Spokesman: No, I have no information on that.
Question: Has the Quartet meeting been confirmed? And also, can you confirm that only Jordan and Egypt will be attending as the regional members, I mean, regional assistance? And also, is James Wolfensohn going to be there, too?
Spokesman: On the date, I have no further -– I think the date we announced still stands. On the regional partners, I will check after the briefing as I will on the other issues.
Question: And James Wolfensohn?
Spokesman: Yes. Yes, Benny?
Question: She asked about James Wolfesohn [inaudible]. Didn’t he announce his resignation soon?
Spokesman: His mandate ends at the end of April.
Question: One more question, to follow up on Bill’s question, I don’t understand this. The UN tried to put a planning team into Sudan. Sudan said “no”. The UN tried to send Jan Egeland to Sudan. Sudan said “no”. The UN tried to call the President, the Secretary-General tried to call the President of Sudan –- they didn’t even pick up the phone -- and I’m yet to hear one word of denunciation about all this.
Spokesman: We’ve had different -- we’ve had other contacts with the President of Sudan. He saw Mr. Annabi earlier in the week. Other senior UN officials have gone to Darfur. Last week, in fact, David Veness, the Head of our Safety and Security was there to look at security issues for UN staff. It’s a bumpy road, but we’re moving ahead with contingency plans for an eventual transfer. So the contingency planning and the planning for an eventual UN force continues.
Question: Aside from security folks, how many UN personnel are now working in the UN offices in Erbil and Basra in Iraq?
Spokesman: I’ll have to get a number for you right after the briefing.
Question: Two questions, like Benny did the litany on the layout of Sudan. This Uzbekistan thing with the nuclear fuel. So now it’s interesting. At the same time they threw UNHCR out, they’re praised for their Millennium Development Goal progress and now nuclear fuel is going out. I don’t know if there’s some –- you seem to be able to try to tie together events in Sudan and say it’s a bumpy road, but at least there’s some sort of theory there. In Uzbekistan, what is, how are those two related, I guess is my thing? What’s happening with the refugees there?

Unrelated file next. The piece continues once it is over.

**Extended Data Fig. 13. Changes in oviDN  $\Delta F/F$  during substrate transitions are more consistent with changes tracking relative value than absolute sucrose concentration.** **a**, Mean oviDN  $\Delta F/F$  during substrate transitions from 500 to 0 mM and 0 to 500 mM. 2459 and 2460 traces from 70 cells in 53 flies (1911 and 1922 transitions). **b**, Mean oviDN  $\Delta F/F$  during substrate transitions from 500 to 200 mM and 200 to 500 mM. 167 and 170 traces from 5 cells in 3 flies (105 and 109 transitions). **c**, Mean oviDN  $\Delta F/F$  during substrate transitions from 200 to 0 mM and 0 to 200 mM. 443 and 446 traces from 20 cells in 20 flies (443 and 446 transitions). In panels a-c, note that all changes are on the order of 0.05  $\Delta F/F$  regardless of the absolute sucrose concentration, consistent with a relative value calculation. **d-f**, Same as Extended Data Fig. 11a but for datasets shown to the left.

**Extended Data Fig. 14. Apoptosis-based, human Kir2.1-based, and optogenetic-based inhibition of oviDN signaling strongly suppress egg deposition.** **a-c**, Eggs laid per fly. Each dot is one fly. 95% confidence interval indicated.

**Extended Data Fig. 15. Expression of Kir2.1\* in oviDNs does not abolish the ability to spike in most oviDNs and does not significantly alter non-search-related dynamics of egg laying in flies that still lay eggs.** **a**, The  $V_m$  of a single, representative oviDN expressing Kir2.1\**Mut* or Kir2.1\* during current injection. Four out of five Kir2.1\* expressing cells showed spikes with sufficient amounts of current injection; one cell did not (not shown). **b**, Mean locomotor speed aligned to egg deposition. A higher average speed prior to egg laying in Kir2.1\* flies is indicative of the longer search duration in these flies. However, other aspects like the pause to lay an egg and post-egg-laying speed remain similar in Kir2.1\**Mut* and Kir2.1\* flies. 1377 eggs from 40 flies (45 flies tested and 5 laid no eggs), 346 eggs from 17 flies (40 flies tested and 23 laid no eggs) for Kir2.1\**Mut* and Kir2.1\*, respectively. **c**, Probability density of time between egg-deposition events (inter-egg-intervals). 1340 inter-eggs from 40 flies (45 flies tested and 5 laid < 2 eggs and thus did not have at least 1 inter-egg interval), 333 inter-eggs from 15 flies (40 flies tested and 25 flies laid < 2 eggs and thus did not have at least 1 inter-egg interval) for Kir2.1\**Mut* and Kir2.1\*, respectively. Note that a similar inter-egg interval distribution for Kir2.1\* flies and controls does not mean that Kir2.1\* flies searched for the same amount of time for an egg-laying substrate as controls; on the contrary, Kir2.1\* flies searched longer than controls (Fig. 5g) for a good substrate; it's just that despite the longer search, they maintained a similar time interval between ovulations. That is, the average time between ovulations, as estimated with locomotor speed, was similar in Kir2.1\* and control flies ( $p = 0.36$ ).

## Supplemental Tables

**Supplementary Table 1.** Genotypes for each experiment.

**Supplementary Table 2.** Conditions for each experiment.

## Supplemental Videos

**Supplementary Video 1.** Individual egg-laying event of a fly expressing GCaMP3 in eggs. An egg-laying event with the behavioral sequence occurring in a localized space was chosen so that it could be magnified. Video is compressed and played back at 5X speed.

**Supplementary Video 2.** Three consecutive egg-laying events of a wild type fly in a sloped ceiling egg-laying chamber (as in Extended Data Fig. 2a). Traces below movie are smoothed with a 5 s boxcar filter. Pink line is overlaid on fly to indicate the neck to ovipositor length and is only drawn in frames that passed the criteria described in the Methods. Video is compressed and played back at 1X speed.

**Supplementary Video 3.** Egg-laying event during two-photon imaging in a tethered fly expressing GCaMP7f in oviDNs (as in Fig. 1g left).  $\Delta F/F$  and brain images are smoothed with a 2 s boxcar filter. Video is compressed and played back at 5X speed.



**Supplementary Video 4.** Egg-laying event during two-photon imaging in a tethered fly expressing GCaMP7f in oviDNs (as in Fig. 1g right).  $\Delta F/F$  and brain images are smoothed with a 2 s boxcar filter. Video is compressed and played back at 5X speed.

Spokesman: Well, what I said on the refugees, we obviously expressed our regret that they decided to close the UNHCR office, but they have said that they would allow UNDP to provide the support needed for the Afghans, for mostly the Afghan refugees that are currently in that country. I think the nuclear operation has, as far as I know, nothing to do with the rest of the events.
Question: I guess I just wanted to, although the UNDP is dealing with these mostly Afghan refugees, there were various people who were deported back to Uzbekistan who just sort of dropped off the map. UNHCR was there and was saying, it was very important that they be treated fairly, and now with them out -– I guess I’m noting that. I don’t know what you can do about it.
Spokesman: The information we had from the Refugee Agency is that UNDP would look after all the refugees that UNHCR had been looking after, and that they had been mostly Afghan refugees, not all of them were Afghan refugees.
Question: [Inaudible] -- UNHCR, I think in Liberia, had said, now with the new administration there were refugees coming home, coming back from Sierra Leone and Guinea. But they claim to either -- they called it a “logistics nightmare” to not have the resources to repatriate people or not be responsible for transporting them. So I wonder if there’s some -- is there another UN agency in any way involved in that, if UNHCR is not going to do that, or what?
Spokesman: No, we can check after the briefing.
Thank you very much.